Another area that has not contributed much in the growth of images so far but will do so in the future is homecare. Dermatology and diabetic wound care organizations have historically used images taken remotely at home for making intervention decisions. However, we are yet to see an established practice of images captured at a patient’s home transferred to the electronic medical record system to support clinical follow-up or preventive intervention. This, however, is expected to change, further adding to the imaging explosion with the popularity and proliferation of telemedicine.
Radiologists are no longer a siloed service provider; instead, they are key nodes of care collaboration with multiple medical specialties. It is important that radiologists have a better understanding of a patient’s medical history at the time of studying images. Today, downstream implication of a radiologist’s contribution to the care delivery process and patient outcome is generally not visible to radiologists. If the data on what treatment is rendered by the referring physician becomes available, radiologists can improve their work with appropriate fine-tuning. Analytics on a large volume of patient data and images can produce recognizable patterns for radiologists to review and can certainly improve future care delivery and service.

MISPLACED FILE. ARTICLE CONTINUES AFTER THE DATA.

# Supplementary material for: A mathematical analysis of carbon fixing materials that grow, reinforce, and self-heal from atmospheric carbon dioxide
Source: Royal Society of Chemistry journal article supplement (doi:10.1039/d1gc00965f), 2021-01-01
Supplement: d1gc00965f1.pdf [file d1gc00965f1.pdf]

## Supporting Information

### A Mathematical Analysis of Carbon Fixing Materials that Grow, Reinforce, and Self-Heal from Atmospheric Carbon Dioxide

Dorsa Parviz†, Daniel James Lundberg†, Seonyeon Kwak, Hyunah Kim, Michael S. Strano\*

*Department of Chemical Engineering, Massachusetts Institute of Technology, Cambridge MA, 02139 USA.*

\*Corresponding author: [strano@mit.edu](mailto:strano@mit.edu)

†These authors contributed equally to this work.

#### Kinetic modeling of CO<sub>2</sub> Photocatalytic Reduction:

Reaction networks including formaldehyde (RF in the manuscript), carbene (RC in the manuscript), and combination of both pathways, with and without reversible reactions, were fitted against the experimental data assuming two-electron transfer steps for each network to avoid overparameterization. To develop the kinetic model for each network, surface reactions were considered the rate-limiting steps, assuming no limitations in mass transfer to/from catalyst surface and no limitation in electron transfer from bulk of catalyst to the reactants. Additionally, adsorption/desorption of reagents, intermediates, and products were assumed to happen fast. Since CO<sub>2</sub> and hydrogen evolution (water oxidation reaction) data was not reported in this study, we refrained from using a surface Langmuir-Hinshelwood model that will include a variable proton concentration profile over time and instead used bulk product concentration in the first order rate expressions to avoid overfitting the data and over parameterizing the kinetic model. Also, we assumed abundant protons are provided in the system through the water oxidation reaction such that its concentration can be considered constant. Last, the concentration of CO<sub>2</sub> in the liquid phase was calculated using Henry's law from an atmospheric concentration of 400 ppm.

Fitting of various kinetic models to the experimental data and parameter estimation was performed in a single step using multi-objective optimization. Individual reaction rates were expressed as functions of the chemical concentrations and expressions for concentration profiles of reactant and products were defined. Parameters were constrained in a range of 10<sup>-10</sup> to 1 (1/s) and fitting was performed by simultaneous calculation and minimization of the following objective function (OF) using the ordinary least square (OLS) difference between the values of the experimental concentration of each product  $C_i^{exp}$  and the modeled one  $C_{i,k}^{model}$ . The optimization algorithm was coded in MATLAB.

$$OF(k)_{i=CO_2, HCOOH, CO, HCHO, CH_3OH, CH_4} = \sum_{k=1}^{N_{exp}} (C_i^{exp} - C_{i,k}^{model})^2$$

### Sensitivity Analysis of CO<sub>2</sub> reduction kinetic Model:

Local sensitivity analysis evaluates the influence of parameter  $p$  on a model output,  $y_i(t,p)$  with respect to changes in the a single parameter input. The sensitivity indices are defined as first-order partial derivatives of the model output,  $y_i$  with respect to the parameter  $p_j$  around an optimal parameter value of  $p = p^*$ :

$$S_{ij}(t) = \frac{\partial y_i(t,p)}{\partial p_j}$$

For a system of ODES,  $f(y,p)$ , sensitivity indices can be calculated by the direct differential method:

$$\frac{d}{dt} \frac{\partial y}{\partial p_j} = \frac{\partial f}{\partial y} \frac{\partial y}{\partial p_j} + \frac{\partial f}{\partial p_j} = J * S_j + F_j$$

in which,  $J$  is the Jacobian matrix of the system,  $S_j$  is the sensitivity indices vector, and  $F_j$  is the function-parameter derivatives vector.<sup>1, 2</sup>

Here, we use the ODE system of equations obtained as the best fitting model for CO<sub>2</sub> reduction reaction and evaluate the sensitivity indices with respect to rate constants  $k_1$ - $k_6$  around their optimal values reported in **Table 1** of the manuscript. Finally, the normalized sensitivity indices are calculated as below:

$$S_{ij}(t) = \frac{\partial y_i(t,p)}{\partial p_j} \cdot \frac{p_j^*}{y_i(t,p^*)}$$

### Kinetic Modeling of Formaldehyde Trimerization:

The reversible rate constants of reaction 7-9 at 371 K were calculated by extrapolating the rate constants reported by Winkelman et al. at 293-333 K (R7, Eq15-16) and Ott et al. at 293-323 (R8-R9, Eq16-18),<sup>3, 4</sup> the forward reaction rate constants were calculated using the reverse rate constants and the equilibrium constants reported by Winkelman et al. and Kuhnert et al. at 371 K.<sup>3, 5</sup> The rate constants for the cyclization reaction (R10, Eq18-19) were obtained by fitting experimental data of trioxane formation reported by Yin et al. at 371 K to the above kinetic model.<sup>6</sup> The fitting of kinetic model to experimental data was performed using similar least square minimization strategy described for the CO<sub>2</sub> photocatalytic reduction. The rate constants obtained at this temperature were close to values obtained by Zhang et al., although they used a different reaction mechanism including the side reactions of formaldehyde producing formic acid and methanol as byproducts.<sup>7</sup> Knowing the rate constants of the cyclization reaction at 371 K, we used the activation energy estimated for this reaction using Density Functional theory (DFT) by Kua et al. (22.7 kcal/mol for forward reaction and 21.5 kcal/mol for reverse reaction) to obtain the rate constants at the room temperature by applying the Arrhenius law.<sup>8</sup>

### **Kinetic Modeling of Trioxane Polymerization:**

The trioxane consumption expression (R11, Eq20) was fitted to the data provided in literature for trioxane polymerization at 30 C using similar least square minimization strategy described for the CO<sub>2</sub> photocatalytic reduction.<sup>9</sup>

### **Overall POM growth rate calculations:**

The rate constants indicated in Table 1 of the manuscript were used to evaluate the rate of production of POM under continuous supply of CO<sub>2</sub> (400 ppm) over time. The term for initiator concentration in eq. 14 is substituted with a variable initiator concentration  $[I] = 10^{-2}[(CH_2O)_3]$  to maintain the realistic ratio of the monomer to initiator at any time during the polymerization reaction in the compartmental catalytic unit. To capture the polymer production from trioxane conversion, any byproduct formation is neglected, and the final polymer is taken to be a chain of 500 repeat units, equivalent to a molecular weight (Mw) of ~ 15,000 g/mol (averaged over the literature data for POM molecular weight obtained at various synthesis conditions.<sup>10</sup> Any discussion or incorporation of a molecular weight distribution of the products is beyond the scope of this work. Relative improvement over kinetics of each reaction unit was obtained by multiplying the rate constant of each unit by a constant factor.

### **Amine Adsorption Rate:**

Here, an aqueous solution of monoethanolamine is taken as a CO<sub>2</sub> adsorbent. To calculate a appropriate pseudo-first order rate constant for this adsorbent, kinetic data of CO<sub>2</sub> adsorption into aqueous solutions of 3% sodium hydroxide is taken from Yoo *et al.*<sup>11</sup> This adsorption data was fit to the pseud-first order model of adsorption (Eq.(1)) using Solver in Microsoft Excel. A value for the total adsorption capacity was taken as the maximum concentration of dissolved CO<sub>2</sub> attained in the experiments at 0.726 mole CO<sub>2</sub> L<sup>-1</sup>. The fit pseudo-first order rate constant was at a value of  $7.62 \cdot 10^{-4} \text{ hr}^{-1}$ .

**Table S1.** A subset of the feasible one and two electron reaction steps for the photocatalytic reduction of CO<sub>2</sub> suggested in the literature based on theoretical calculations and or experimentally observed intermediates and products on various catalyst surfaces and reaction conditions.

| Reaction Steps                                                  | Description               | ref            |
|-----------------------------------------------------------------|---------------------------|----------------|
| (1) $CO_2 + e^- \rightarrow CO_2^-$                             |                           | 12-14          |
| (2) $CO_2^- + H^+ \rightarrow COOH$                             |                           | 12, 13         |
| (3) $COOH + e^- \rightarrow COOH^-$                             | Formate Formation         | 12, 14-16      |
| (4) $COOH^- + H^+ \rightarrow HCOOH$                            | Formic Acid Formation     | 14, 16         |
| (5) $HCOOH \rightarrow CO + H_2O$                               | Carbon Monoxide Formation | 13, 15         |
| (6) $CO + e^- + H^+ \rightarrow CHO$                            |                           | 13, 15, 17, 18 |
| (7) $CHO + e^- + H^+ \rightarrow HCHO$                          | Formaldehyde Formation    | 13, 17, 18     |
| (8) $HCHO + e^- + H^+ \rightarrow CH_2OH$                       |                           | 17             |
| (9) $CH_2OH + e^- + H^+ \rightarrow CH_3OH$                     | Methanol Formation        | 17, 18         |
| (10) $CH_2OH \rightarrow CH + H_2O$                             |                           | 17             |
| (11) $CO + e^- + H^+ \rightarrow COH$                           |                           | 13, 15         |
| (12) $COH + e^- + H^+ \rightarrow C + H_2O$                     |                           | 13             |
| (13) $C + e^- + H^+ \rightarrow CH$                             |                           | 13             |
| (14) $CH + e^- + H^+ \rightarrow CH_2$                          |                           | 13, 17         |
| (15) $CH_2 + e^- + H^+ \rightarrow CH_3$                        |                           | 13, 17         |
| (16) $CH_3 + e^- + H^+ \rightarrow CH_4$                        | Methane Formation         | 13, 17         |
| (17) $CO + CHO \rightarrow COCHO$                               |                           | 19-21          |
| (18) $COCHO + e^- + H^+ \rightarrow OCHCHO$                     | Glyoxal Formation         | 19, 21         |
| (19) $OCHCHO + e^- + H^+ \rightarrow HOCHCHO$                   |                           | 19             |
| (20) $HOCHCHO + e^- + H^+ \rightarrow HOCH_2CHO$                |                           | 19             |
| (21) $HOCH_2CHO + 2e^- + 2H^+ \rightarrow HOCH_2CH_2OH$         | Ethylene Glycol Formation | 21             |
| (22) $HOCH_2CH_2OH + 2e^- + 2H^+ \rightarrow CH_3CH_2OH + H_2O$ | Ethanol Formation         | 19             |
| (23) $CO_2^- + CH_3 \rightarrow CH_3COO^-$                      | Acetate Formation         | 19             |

Emergence of ‘Automated Residents’
Radiologists in academic medical centers have access to residents and fellows, but those who are in other practices do not have that luxury. As the amount of images explode, radiologists with specialized skills and experience will need assistance to review old images and will need to be prepared with intelligent, insightful synopsis before they meet with patients. That way they will be able to spend more time with patients to explain medical conditions and answer questions. This can be accomplished with smart analytical tools, which Eliot Siegel, M.D., diagnostic radiology and nuclear medicine professor and associate vice chairman for informatics at the University of Maryland, calls “automated residents” .